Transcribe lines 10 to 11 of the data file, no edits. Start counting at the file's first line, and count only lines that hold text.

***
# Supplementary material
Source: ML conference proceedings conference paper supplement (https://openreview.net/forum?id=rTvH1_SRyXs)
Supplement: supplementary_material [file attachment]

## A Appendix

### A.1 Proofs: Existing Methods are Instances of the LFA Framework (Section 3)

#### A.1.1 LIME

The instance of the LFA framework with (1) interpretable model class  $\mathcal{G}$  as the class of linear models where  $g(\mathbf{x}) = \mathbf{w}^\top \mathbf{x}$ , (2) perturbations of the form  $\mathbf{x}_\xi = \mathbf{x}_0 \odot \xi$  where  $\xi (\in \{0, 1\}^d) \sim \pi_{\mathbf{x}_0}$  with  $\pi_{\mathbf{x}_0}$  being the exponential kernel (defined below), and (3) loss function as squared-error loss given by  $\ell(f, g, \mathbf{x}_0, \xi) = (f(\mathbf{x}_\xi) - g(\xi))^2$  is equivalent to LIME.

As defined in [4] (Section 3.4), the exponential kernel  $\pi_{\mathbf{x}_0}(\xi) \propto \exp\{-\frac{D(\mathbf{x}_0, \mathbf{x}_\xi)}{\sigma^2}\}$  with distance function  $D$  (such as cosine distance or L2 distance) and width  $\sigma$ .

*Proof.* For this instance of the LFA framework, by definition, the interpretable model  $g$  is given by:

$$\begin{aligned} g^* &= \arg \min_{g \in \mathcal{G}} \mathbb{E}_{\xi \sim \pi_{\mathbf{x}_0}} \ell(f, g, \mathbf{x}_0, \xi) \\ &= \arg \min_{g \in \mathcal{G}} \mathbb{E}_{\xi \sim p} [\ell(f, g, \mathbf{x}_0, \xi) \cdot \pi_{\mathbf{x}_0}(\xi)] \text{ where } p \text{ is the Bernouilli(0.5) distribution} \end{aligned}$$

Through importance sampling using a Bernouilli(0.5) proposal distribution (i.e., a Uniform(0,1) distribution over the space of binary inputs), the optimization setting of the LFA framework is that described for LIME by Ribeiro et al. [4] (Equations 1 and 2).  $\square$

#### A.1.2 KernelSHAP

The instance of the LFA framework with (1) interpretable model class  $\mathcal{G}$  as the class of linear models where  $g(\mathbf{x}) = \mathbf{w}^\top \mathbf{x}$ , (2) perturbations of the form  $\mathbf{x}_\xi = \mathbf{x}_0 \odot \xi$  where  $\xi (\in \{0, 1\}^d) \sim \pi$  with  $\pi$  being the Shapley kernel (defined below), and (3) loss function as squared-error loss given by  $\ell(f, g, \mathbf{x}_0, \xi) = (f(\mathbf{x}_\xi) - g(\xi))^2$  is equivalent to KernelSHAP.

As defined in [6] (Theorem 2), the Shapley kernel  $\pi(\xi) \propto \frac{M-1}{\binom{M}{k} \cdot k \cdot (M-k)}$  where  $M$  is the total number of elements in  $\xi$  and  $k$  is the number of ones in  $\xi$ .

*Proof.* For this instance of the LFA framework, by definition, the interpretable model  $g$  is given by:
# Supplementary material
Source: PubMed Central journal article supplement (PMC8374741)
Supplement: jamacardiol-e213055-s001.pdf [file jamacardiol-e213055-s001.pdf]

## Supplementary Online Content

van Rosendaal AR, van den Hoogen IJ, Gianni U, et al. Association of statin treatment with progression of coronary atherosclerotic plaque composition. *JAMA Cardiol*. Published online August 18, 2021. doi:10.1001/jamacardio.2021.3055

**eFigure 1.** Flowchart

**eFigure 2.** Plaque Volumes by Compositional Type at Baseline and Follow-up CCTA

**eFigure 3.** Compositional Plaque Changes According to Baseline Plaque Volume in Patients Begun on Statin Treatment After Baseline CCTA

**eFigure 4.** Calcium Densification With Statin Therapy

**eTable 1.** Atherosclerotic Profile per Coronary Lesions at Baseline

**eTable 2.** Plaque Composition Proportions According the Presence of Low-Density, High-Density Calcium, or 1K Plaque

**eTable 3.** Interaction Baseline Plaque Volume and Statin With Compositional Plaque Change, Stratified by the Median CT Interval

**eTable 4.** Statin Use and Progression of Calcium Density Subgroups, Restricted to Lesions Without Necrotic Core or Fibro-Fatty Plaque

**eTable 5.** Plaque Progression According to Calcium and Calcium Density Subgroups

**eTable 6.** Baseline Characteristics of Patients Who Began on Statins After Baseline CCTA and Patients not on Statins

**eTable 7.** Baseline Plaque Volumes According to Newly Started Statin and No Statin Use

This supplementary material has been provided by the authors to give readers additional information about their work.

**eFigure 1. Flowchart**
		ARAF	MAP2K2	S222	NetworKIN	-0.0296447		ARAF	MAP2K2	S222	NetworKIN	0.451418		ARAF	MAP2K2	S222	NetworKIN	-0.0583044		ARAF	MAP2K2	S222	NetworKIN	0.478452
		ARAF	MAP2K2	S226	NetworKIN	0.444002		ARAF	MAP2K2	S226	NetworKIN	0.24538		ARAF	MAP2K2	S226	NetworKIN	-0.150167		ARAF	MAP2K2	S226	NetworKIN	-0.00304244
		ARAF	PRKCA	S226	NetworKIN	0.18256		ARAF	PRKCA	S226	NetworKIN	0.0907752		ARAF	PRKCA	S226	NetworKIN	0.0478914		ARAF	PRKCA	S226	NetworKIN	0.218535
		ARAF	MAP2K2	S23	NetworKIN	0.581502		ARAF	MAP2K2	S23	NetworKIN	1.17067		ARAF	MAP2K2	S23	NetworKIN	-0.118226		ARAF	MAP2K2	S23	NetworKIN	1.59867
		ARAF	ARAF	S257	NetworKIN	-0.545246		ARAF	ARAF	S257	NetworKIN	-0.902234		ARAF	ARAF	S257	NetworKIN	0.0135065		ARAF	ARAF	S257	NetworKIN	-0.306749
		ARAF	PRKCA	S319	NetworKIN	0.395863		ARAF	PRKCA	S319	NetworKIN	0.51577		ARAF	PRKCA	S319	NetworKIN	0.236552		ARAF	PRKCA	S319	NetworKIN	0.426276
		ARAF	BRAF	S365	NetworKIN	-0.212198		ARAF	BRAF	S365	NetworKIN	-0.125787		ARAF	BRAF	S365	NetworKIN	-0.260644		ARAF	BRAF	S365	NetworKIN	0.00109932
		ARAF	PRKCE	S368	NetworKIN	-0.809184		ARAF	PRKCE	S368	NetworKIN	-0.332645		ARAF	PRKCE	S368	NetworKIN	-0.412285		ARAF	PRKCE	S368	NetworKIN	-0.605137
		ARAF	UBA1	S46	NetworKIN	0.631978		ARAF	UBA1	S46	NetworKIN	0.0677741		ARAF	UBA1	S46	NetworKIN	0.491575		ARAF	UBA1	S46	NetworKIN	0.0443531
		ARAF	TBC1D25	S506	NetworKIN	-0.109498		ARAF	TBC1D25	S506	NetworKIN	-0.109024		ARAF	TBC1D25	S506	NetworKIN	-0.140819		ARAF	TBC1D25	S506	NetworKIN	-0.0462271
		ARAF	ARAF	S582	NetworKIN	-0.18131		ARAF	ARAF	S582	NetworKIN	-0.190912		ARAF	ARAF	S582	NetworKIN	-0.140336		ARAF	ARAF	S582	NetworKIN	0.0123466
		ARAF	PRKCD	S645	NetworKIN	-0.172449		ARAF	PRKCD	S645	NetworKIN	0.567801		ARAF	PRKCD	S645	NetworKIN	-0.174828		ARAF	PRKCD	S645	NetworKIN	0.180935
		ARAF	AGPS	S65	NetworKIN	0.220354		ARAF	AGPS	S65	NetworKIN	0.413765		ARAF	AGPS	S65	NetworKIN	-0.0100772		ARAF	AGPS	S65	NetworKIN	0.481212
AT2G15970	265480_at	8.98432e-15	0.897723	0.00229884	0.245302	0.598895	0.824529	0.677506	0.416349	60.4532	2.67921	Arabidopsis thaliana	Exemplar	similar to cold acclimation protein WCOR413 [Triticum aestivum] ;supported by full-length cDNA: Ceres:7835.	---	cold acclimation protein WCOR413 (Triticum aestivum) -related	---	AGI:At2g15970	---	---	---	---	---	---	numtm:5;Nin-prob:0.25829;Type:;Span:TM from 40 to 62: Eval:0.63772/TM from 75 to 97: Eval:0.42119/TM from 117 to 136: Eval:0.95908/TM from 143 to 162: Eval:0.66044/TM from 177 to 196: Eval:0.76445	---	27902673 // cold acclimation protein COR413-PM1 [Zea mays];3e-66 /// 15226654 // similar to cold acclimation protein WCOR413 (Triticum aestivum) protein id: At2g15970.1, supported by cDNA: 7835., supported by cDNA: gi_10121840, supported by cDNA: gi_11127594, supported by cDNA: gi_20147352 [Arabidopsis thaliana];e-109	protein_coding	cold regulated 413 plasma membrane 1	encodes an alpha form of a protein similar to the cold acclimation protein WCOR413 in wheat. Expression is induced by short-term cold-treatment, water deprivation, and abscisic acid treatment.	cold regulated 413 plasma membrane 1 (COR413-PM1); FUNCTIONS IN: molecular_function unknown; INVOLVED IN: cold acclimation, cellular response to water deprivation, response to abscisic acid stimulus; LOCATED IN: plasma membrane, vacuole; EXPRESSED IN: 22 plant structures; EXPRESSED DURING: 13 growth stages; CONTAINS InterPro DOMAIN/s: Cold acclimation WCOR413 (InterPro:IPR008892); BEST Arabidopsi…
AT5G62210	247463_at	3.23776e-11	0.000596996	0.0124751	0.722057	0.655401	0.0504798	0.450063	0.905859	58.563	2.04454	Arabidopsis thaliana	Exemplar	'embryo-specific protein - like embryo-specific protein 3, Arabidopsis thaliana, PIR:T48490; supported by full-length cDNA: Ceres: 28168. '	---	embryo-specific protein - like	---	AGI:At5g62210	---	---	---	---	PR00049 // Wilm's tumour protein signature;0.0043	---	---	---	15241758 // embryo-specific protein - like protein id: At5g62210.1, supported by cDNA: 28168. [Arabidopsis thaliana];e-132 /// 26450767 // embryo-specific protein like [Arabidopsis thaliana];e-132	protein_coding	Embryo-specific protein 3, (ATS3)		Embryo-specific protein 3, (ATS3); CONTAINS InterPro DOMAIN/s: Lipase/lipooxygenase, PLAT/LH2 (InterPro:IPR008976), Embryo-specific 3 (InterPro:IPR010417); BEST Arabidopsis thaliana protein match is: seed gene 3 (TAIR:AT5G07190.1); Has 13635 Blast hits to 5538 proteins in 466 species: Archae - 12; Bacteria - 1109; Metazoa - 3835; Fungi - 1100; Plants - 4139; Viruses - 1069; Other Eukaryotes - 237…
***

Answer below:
$$\begin{aligned} g^* &= \arg \min_{g \in \mathcal{G}} \mathbb{E}_{\xi \sim \pi_{\mathbf{x}_0}} \ell(f, g, \mathbf{x}_0, \xi) \\ &= \arg \min_{g \in \mathcal{G}} \mathbb{E}_{\xi \sim p} [\ell(f, g, \mathbf{x}_0, \xi) \cdot \pi_{\mathbf{x}_0}(\xi)] \text{ where } p \text{ is the Bernouilli(0.5) distribution} \end{aligned}$$

Through importance sampling using a Bernouilli(0.5) proposal distribution (i.e., a Uniform(0,1) distribution over the space of binary inputs), the optimization setting of the LFA framework is that described for LIME by Ribeiro et al. [4] (Equations 1 and 2).  $\square$